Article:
Dietary cadmium exposure and fracture incidence among men: a population-based prospective cohort study.
Sommaire de l'article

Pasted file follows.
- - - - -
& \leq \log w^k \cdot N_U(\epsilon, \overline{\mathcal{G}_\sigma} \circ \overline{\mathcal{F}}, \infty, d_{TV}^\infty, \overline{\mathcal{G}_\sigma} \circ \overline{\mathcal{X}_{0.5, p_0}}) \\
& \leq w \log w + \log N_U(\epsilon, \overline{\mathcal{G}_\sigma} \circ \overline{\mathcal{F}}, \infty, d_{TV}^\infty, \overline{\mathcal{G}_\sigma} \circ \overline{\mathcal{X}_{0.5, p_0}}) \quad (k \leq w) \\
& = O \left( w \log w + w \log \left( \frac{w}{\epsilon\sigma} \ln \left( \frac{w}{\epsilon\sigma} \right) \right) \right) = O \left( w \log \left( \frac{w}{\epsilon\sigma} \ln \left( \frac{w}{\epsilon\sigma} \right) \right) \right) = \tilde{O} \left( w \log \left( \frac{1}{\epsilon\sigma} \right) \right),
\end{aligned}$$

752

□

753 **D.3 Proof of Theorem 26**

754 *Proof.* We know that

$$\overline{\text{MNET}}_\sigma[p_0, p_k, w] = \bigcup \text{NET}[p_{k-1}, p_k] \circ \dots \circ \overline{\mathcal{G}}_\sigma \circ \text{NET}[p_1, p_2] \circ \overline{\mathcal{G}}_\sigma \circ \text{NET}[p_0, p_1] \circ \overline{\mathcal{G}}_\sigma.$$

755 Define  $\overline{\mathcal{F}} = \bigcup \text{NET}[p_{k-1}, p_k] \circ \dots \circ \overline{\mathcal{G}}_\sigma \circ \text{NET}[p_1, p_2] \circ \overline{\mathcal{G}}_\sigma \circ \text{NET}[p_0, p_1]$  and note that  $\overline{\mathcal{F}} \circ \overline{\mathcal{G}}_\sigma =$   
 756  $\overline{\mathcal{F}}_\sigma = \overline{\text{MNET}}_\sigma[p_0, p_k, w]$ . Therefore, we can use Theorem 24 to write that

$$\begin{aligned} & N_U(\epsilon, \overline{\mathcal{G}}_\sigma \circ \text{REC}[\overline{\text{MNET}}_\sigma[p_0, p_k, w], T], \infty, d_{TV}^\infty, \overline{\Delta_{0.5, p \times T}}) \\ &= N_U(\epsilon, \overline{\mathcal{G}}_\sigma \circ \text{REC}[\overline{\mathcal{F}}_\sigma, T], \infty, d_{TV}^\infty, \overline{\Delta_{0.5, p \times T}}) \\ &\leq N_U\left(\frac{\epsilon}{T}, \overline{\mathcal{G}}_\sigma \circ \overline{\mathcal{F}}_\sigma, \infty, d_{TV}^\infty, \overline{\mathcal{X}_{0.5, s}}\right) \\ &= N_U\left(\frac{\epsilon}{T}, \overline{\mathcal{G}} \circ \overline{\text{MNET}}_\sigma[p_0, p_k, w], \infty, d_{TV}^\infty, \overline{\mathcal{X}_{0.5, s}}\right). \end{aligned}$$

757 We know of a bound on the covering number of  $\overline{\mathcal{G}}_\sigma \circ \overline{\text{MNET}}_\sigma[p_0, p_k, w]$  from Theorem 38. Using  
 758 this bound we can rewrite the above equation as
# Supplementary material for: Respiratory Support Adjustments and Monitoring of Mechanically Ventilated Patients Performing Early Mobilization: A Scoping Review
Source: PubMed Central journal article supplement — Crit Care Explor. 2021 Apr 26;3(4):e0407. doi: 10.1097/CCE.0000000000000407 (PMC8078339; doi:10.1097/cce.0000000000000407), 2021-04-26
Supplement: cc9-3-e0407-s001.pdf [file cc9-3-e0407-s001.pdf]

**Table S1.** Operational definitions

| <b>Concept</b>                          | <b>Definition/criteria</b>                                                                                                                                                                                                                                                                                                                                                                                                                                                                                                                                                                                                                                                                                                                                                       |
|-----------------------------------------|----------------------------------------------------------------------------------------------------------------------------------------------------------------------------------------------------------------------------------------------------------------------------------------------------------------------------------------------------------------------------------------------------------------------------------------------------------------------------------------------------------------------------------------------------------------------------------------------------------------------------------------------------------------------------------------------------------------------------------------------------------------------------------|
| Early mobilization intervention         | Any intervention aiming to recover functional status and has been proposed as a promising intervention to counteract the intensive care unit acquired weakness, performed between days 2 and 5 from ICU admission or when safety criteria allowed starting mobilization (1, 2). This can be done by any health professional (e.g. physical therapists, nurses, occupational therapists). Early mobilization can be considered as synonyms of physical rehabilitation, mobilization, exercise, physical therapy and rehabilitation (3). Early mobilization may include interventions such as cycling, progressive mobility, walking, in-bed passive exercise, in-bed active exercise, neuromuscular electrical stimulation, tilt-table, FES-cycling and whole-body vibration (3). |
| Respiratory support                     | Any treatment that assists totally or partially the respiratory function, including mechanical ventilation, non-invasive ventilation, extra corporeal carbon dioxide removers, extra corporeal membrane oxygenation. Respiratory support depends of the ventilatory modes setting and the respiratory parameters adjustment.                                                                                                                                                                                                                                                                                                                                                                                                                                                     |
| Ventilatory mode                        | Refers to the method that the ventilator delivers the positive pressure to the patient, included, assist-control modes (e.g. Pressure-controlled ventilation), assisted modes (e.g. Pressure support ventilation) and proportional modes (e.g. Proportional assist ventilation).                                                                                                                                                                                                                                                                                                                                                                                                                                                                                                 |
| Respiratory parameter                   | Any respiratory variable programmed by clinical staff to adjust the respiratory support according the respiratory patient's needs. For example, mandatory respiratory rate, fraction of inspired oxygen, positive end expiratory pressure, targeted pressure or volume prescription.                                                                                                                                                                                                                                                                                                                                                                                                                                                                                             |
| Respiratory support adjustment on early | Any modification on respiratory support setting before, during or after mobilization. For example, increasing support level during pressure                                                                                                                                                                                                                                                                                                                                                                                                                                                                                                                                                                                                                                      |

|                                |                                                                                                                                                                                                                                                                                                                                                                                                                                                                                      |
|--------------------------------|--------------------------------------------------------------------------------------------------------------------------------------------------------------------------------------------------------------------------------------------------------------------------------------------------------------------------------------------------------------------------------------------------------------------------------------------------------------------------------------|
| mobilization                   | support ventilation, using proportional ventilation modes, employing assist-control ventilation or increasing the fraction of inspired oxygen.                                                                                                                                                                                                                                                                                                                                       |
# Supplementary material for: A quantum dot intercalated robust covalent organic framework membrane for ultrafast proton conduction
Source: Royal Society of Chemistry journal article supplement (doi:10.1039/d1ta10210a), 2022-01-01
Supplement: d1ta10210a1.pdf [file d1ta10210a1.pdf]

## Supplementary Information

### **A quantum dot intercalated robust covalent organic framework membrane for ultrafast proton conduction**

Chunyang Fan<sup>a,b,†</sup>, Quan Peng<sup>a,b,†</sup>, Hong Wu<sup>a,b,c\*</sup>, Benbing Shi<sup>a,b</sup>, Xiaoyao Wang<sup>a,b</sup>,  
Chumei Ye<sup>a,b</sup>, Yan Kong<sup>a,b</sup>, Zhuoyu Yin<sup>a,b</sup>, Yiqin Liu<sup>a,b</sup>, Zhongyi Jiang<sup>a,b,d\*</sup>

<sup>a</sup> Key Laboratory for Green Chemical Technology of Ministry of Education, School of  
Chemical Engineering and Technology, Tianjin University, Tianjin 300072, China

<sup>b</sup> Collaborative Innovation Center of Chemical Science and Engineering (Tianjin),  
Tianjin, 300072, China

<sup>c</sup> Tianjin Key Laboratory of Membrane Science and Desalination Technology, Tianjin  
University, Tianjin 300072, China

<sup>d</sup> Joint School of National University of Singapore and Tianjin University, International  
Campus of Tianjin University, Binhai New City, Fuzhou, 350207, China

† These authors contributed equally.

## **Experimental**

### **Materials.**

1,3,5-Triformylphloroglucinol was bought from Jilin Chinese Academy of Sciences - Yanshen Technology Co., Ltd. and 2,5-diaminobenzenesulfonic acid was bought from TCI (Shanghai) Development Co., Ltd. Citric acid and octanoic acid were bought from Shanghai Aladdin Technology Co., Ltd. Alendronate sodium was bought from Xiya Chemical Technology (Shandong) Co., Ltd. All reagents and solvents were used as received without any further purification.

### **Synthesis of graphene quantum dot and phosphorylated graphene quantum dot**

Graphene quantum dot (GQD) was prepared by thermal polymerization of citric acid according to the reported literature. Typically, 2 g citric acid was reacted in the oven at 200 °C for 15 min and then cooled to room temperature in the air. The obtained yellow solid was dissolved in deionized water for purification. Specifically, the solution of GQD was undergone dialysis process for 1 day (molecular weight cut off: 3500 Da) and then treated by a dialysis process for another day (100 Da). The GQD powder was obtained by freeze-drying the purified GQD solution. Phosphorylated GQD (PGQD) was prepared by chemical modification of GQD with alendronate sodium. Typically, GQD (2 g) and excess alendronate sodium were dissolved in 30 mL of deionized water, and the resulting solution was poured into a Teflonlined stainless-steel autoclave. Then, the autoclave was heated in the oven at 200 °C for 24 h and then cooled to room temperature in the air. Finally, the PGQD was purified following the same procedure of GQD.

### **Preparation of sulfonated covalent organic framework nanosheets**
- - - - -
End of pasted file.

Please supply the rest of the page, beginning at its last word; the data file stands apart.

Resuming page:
Cadmium is an osteotoxic metal present in food. It causes multiple fractures in those highly exposed and is associated with reduced bone mineral density at considerably lower exposures. Little is known about fracture rates following low level cadmium exposure. We assessed the associations between dietary cadmium exposure and fracture incidence. Within a population-based prospective cohort of 22,173 Swedish men we estimated individual dietary cadmium exposure using food frequency questionnaire data and levels of cadmium in food. The average intake was 19μg/day. Hazard ratios (HR) for any fracture and hip fracture were estimated using Cox’s regression. During 10 years of follow-up, we ascertained 2,183 cases of any fracture and 374 hip fractures by computerized linkage of the cohort to registry data. Multivariable-adjusted dietary cadmium intake was associated with a statistically significant 19% (HR 1·19, 95% confidence interval, CI: 1·06-1·34) higher rate of any fracture comparing highest tertile with lowest (p (trend) = <0·01). Moreover, men in the highest tertile of dietary cadmium and lowest tertile of vegetable and fruit consumption had 41% higher rate of any fracture compared to contrasting tertiles. Hip fracture rates were also higher in the highest tertile of cadmium intake, but only statistically significant among never smokers (HR 1·70, 95% CI: 1·04-2.77). Our results indicate that dietary cadmium exposure, at general population levels, is associated with an increased rate of fractures among men. This association was independent of smoking and was most pronounced among men with low vegetable and fruit consumption.